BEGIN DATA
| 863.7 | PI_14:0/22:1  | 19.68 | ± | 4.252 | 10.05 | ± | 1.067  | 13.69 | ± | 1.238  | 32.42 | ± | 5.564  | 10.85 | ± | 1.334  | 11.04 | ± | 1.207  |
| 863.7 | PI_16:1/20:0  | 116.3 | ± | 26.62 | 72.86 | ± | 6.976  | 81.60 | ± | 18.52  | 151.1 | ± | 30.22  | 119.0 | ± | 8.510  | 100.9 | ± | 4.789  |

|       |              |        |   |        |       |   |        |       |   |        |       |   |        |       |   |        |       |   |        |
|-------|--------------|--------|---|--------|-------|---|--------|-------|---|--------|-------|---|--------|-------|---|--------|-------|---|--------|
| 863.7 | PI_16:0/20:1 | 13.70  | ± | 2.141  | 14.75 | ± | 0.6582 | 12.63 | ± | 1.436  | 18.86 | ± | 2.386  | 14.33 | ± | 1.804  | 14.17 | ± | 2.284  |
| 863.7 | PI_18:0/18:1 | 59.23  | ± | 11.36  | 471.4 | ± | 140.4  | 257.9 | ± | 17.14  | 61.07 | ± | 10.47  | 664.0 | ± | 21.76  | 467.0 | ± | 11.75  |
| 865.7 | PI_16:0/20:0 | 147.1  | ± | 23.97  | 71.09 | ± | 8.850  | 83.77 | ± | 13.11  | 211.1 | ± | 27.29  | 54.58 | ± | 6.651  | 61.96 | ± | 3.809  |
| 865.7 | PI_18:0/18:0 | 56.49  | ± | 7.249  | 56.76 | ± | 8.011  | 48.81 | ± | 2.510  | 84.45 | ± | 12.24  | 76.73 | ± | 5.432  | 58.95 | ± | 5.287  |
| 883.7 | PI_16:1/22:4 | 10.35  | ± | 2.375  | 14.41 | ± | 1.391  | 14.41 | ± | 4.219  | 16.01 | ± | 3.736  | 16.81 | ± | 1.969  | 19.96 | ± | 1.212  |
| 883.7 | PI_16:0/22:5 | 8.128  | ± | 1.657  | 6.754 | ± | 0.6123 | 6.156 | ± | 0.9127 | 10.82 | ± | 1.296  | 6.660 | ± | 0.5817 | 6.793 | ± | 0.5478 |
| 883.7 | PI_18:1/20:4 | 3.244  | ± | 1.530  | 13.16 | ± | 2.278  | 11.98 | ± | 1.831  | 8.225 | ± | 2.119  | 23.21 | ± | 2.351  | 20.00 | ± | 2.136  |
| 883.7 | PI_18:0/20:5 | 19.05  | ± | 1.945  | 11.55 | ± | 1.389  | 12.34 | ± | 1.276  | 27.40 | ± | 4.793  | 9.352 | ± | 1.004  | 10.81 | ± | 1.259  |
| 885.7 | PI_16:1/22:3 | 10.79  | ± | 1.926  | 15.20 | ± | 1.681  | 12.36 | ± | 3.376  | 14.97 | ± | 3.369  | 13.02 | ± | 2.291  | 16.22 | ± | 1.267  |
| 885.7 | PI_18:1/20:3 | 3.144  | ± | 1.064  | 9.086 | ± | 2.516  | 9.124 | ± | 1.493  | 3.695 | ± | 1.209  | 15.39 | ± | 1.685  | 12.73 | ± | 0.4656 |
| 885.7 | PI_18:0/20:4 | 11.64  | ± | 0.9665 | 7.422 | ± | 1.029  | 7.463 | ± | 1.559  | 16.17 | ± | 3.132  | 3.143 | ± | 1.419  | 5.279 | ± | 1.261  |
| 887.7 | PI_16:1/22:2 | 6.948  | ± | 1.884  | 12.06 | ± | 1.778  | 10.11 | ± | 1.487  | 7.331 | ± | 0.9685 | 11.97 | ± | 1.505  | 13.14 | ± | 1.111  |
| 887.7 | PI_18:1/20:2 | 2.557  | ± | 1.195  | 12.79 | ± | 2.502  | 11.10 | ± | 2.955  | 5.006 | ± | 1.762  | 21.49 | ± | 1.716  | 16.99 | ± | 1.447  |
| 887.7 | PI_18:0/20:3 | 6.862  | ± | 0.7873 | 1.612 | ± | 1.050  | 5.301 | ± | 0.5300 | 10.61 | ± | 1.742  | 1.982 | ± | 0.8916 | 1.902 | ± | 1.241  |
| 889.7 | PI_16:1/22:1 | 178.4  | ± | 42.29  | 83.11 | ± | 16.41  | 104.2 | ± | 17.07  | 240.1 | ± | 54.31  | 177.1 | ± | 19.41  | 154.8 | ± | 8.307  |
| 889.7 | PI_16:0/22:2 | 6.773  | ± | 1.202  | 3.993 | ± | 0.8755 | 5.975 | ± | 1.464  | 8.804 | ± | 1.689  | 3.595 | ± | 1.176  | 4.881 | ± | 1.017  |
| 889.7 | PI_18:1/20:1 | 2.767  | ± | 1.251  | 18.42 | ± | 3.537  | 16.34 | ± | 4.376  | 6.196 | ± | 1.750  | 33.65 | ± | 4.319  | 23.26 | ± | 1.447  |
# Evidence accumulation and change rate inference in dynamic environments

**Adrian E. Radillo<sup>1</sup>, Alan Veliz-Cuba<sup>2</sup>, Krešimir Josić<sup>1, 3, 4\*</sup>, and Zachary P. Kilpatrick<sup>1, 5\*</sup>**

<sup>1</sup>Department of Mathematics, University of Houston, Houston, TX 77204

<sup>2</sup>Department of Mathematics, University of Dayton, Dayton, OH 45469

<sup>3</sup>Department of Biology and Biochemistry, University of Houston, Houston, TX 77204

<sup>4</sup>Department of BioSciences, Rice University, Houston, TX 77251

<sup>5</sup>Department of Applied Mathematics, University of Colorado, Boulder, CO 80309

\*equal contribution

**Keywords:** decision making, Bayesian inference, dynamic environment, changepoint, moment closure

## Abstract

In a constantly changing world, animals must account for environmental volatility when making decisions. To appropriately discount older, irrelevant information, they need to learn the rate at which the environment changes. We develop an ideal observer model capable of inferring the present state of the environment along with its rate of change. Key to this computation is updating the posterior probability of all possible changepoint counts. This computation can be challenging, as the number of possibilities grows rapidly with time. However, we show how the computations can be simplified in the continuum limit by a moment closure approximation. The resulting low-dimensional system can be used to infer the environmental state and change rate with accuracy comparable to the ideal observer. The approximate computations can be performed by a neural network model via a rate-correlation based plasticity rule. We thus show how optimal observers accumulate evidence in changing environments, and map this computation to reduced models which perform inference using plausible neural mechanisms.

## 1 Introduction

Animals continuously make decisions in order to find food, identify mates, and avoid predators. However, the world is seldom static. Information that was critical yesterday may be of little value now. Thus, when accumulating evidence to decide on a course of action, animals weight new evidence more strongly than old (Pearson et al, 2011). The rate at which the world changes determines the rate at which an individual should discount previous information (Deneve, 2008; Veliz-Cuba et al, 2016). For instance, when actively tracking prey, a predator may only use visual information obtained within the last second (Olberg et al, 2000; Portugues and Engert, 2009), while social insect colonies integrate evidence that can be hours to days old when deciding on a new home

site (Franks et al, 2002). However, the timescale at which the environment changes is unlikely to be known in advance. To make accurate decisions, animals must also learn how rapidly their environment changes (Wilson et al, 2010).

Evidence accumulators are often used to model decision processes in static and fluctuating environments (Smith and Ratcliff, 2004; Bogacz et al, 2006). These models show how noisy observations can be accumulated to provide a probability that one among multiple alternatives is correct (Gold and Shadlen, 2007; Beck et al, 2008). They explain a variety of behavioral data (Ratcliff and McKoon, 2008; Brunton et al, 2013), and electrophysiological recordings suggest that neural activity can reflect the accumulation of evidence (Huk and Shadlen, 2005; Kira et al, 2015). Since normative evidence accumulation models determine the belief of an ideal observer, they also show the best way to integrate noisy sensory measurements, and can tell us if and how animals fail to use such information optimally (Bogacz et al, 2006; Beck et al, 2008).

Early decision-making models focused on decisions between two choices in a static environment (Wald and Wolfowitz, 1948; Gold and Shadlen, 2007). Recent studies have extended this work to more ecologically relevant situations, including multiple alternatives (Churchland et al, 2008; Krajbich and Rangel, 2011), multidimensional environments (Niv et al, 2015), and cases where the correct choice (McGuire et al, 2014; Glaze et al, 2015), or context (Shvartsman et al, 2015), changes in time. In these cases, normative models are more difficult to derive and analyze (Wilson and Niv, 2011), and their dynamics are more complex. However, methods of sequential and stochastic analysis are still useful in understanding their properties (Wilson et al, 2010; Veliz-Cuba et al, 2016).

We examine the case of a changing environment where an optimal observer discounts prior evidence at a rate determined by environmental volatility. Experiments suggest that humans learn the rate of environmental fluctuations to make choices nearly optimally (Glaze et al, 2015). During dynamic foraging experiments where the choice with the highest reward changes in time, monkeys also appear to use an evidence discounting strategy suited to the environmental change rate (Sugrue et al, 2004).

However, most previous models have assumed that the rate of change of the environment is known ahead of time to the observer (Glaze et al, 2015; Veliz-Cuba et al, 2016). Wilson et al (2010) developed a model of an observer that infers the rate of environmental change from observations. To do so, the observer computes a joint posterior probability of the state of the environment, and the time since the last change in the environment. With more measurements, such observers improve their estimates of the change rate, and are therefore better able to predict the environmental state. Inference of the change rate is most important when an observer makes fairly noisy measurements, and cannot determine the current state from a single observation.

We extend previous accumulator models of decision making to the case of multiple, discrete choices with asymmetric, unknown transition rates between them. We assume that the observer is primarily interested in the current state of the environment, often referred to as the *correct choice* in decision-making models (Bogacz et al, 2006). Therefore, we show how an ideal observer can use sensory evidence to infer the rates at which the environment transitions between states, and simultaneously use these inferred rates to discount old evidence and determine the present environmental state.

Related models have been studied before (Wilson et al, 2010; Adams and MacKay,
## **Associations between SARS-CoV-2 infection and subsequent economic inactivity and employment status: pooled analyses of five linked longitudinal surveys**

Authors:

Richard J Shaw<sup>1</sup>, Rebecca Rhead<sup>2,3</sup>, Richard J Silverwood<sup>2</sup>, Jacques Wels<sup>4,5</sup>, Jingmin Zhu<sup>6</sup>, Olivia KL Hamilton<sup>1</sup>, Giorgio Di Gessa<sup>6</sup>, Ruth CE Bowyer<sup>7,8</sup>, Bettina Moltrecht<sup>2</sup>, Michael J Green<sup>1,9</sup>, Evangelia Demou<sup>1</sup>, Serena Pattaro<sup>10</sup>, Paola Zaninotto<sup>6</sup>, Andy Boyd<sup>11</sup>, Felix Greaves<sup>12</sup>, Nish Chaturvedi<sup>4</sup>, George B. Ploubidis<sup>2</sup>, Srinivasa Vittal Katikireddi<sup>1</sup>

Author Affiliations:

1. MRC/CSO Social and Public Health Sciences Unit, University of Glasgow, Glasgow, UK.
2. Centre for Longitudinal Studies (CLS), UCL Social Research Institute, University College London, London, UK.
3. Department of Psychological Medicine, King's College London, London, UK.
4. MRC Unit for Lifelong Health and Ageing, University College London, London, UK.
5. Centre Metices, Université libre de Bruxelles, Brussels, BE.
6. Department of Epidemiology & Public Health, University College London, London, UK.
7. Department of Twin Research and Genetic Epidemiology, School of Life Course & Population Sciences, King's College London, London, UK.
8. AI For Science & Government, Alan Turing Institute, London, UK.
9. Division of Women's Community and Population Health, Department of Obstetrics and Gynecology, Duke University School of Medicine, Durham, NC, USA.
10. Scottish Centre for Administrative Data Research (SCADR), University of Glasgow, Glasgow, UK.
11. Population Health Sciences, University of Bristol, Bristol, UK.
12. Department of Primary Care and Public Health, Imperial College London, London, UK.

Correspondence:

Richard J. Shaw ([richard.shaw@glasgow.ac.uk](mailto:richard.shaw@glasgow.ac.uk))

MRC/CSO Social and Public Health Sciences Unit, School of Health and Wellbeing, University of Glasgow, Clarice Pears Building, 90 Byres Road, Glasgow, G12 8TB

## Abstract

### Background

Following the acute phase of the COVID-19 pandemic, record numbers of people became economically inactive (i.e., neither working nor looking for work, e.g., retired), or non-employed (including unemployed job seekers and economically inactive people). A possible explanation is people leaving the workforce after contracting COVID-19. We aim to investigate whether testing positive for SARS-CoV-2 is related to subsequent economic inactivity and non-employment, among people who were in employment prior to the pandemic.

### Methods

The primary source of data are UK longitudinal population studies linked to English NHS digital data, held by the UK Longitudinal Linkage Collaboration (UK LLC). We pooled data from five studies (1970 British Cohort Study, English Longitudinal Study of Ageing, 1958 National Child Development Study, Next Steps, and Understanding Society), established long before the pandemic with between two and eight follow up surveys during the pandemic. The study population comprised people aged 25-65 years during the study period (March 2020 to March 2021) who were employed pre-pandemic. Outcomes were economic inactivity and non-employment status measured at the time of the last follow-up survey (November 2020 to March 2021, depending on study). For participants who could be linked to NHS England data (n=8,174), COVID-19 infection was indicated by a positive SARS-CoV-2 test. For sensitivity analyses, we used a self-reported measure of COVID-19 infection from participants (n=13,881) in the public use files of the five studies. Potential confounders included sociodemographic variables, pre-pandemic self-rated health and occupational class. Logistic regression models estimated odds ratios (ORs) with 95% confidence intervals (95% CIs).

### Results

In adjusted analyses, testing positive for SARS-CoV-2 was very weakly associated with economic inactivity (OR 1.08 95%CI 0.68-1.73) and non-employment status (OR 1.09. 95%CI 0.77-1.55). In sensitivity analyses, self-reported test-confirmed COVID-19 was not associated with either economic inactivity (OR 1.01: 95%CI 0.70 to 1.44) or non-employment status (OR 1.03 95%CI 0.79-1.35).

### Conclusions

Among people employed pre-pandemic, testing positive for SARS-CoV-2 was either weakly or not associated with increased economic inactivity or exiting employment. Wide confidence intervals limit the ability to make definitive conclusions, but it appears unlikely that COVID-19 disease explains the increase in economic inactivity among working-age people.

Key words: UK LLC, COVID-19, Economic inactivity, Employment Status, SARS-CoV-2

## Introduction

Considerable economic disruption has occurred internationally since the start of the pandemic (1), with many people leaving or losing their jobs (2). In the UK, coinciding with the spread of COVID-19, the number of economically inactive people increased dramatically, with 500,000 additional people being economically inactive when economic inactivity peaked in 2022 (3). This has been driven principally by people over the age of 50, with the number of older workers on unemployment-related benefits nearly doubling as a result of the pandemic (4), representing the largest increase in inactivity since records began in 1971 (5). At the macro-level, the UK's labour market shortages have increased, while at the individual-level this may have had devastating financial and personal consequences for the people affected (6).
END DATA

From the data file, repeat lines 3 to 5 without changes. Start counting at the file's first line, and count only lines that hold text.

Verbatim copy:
|       |              |        |   |        |       |   |        |       |   |        |       |   |        |       |   |        |       |   |        |
|-------|--------------|--------|---|--------|-------|---|--------|-------|---|--------|-------|---|--------|-------|---|--------|-------|---|--------|
| 863.7 | PI_16:0/20:1 | 13.70  | ± | 2.141  | 14.75 | ± | 0.6582 | 12.63 | ± | 1.436  | 18.86 | ± | 2.386  | 14.33 | ± | 1.804  | 14.17 | ± | 2.284  |